This was a paper I presented about in Bang Liu’s research group meeting on 2022-06-06. You can view the slides I used here.
Continual-T0 (CT0) extends T0 by progressively training it on 8 unseen language generation tasks, while retaining a replay buffer of 1% of the original training data to preserve performance. The result is a model that maintains nearly all of its performance on previous tasks while learning the new tasks. In addition, CT0 maintains the original T0’s performance on unseen tasks (which is a big deal because those tasks could not appear in the replay buffer) and it extends the compositionality of T0 to even more unseen tasks.
the new tasks
Only one of T0’s training tasks was a language generation task, and none of the evaluation tasks were. For Continual-T0, the new tasks are all language generation tasks.When using general-purpose language models for downstream language tasks, the distinction between language understanding (NLU) and generation (NLG) tasks comes down to decoding: for NLU tasks, the classification is done by comparing the model’s likelihood estimate for the keywords associated with each class. This distinction makes it notable that T0 can maintain performance on both types of tasks.
They started with the 3 billion-parameter version of T0, using the same hyperparameters from the T0 paper. For each task, they used 100,000 samples for training; tasks with less data were upsampled. They experimented with rehearsal rates of 0%, 0.25%, and 1%. They report different metrics appropriate for each task: ROUGE for summarization, BLEU and SARI for simplification, and BERTScore for more open-ended tasks like dialogue or explanation generation, plus custom metrics in certain cases:
- constraint accuracy: for prompts like “Write a text that starts/contains/ends with [something]”, report how often the constraint is respected
- first word distribution: report the inverse of the divergence between the distribution of first words in the ground truth examples and that of generated samples
- tweet author classification: train a simple ridge classifier on ground truth tweets to predict author, and then report the accuracy of that model on the generated tweets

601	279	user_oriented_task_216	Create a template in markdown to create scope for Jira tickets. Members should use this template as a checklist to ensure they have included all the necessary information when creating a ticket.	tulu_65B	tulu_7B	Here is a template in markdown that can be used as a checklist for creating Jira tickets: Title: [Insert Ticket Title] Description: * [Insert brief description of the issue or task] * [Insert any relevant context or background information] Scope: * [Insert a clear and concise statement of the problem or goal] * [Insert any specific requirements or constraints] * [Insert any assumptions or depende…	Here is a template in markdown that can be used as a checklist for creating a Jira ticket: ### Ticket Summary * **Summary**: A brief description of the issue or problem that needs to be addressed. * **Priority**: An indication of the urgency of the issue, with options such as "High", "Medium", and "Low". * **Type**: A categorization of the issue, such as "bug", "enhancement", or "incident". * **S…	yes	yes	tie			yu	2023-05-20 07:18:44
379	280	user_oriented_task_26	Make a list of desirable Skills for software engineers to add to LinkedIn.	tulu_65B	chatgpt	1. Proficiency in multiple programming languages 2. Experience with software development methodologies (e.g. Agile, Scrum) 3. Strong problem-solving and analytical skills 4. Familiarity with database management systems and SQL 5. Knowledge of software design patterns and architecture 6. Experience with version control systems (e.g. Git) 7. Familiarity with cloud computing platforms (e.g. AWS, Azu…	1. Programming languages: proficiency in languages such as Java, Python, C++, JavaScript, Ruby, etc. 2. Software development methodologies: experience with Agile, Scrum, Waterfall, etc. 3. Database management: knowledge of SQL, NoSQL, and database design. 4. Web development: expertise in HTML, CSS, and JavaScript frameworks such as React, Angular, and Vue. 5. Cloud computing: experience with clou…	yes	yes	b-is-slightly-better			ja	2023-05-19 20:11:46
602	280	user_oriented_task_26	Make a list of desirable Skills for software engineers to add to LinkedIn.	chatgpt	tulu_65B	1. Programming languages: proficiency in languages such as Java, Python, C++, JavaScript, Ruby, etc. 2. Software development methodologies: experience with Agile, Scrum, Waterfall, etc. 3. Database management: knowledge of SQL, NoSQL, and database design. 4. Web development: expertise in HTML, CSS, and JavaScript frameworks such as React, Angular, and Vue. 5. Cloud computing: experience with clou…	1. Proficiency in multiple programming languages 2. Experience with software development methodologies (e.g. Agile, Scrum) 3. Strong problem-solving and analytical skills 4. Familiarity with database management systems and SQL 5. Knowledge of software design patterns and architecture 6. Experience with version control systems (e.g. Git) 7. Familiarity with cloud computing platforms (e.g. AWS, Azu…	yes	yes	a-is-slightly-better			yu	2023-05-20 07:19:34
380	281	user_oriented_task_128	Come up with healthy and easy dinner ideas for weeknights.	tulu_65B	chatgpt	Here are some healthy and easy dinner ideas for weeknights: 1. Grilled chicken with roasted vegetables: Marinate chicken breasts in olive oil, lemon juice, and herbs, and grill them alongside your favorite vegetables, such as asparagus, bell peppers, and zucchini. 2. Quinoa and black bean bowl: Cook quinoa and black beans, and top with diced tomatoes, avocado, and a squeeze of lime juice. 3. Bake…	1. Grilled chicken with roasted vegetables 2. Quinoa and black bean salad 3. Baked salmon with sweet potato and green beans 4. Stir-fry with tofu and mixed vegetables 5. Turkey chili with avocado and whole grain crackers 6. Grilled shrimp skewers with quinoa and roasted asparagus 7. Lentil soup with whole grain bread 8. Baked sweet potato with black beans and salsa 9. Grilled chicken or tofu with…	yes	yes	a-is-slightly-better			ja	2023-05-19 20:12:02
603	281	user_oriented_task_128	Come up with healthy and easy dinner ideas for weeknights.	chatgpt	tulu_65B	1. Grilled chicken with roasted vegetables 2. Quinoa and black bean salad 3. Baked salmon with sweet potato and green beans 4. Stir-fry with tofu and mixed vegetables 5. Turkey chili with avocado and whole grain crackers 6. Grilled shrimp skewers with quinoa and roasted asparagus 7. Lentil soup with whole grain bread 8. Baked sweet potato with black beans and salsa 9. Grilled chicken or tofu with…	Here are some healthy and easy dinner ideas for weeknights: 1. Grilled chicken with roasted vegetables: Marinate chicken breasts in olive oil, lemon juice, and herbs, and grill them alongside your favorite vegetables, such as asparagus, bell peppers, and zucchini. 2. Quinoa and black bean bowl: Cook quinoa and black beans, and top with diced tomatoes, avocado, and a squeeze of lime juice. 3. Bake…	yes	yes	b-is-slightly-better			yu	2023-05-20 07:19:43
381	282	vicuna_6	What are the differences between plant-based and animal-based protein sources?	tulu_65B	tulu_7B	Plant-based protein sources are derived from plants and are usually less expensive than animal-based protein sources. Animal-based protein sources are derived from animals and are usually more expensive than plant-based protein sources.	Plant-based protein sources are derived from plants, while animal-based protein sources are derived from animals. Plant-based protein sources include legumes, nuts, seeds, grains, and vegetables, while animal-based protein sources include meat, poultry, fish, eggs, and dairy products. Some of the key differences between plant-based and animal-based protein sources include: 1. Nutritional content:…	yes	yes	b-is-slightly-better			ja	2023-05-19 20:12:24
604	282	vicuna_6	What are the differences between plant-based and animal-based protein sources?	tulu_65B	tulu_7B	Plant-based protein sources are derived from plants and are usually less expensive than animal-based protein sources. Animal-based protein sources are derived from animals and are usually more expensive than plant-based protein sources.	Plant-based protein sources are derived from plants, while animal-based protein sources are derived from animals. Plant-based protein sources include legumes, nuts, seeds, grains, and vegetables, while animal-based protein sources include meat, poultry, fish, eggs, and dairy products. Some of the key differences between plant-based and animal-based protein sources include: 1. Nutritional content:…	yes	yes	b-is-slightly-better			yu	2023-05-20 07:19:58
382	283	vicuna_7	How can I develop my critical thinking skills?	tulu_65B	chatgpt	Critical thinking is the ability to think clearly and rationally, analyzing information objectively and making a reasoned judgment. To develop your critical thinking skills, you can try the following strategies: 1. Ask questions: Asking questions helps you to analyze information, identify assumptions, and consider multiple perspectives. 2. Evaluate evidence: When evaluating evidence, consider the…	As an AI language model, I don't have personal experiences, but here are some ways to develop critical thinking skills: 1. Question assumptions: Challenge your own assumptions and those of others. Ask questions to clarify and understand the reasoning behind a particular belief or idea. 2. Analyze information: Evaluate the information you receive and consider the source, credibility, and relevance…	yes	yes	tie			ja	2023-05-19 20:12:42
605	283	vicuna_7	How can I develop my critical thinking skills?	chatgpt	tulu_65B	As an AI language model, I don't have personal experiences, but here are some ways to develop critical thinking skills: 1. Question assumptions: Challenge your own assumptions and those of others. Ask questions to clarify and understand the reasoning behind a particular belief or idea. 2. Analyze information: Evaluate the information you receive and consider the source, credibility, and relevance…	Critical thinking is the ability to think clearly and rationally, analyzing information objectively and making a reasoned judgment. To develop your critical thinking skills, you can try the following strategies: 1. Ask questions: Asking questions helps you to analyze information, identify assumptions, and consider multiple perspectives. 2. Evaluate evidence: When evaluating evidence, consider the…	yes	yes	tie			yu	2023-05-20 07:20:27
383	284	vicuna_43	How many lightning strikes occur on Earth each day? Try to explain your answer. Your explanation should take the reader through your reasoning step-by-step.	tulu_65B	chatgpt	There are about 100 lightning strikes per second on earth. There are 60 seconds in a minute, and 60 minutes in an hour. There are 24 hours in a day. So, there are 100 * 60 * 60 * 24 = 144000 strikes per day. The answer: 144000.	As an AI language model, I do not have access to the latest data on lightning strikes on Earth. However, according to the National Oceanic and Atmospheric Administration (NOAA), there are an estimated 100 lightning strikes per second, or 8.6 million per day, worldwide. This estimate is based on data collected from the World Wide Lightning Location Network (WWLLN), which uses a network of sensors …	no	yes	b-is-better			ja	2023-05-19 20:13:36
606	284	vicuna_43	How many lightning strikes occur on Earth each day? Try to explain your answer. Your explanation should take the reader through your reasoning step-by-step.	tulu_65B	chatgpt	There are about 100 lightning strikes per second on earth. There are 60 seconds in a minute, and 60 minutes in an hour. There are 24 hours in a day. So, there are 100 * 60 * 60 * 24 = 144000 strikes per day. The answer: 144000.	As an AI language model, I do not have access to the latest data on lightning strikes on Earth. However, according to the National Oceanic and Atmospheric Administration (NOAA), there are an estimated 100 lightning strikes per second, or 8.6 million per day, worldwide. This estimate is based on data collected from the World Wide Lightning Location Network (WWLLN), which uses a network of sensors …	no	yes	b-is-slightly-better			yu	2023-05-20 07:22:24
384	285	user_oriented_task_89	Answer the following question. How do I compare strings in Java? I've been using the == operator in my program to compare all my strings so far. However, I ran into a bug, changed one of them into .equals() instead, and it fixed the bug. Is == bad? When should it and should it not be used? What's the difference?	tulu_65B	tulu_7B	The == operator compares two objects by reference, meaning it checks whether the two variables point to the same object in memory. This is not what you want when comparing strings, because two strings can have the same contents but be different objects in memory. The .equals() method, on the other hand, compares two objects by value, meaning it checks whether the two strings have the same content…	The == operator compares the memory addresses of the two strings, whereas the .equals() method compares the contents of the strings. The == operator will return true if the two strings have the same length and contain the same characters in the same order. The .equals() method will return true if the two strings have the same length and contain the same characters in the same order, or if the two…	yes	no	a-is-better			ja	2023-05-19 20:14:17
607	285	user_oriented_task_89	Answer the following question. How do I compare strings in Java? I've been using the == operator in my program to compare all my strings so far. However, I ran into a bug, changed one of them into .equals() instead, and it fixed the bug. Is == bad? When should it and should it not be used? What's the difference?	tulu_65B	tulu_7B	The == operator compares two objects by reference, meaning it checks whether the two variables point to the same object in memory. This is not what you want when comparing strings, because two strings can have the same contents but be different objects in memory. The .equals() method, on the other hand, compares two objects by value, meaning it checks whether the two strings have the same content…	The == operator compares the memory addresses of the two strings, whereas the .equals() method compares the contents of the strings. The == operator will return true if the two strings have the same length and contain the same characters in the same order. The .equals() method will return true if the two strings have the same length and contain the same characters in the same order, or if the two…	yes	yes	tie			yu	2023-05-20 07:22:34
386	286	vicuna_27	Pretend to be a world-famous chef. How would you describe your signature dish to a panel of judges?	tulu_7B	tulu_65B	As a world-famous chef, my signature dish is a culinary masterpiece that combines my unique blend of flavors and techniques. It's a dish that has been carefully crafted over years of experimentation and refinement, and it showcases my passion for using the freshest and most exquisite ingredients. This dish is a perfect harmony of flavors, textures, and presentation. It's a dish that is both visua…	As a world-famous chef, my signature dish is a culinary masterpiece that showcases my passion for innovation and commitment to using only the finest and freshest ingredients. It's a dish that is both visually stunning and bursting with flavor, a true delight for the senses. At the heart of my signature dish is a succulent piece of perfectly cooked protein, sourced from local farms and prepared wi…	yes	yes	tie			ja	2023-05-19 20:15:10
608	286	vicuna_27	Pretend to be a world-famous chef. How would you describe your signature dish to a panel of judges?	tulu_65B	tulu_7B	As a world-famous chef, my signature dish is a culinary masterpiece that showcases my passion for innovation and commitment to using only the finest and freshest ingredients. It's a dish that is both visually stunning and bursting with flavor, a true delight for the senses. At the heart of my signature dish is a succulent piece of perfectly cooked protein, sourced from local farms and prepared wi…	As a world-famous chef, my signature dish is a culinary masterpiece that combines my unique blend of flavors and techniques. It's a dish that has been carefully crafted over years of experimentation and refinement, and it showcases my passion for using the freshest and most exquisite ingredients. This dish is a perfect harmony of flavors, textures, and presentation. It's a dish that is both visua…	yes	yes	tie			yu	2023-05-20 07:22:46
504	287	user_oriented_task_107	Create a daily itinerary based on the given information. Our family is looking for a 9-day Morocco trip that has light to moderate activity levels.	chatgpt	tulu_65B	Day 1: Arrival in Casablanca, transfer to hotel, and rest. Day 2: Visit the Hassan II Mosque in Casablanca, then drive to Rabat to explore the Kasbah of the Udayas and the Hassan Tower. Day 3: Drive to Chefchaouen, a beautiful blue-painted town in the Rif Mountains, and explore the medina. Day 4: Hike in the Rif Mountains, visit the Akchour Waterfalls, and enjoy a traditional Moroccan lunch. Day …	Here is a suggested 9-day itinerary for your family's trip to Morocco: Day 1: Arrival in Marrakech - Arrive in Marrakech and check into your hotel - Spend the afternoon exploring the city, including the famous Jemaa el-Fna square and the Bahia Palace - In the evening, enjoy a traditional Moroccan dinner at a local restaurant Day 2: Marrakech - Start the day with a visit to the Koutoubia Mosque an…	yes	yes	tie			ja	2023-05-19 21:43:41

- haiku acceptability: how far off the generated haiku is from the 3-line and 17-syllable requirements
experiments with a single new task
These experiments start with the pretrained T0 and train on one of the new tasks, recording both the performance on the new task as well as the performance on the old zero-shot T0 tasks. Doing this while rehearsing the T0 training data at rates of 0%, 0.25%, and 1% gave the following results for each of three tasks:
These results are plotted as relative gain, where 0 is the performance of the pretrained T0 model and 1.0 is the maximum performance achieved when fine-tuned only on that task. The blue lines are the relative gain for the task being trained on, and the green lines are the scores for the original T0 zero-shot tasks.
It’s clear that in this experiment the model catastrophically forgets the T0 zero-shot tasks when rehearsal is not used, but retains them when rehearsal is used.
experiments with 8 new tasks
The main experiment started from T0-11B (pretrained on 50 datasets) and progressively trained on the 8 new NLG tasks with a rehearsal rate of 1%. They find that performance is preserved for the original T0 zero-shot tasks, as well as for each of the new tasks:
The authors report that no task suffers a decrease in performance more than 2%.
Why is CT0 successful?
The authors performed the same experiment with T5, and again with a randomly initialized T5. They found that CT5 performs similarly to CT0, while the flat-start model performed poorly even when trained only on the target task. This implies that the continual learning capability comes from pretraining, and not from the instruction tuning paradigm or the size.
They note that the 3 billion parameter model exhibited more forgetting than the 11B model.
zero-shot task composition
The headline generation task seen by CT0 included a single constraint, meaning the prompt was something like “Make a title for this article containing X.” They found that the model was able to generalize to multiple constraints, with prompts of the form “Make a title for this article containing X and Y.” They even found they could apply it to the tweet stylometry task, with the prompt “Write a tweet about X, in the style of Y, containing Z.” Below is a table containing the accuracy with which the model obeyed the constraints, along with its accuracy when the constraints aren’t included in the prompt:
It’s clear that the model is able to follow these unseen kinds of instructions much more often than random chance.
The model was also able to apply a requested emotion to its generated haikus, according to a binary sentiment analysis classifier: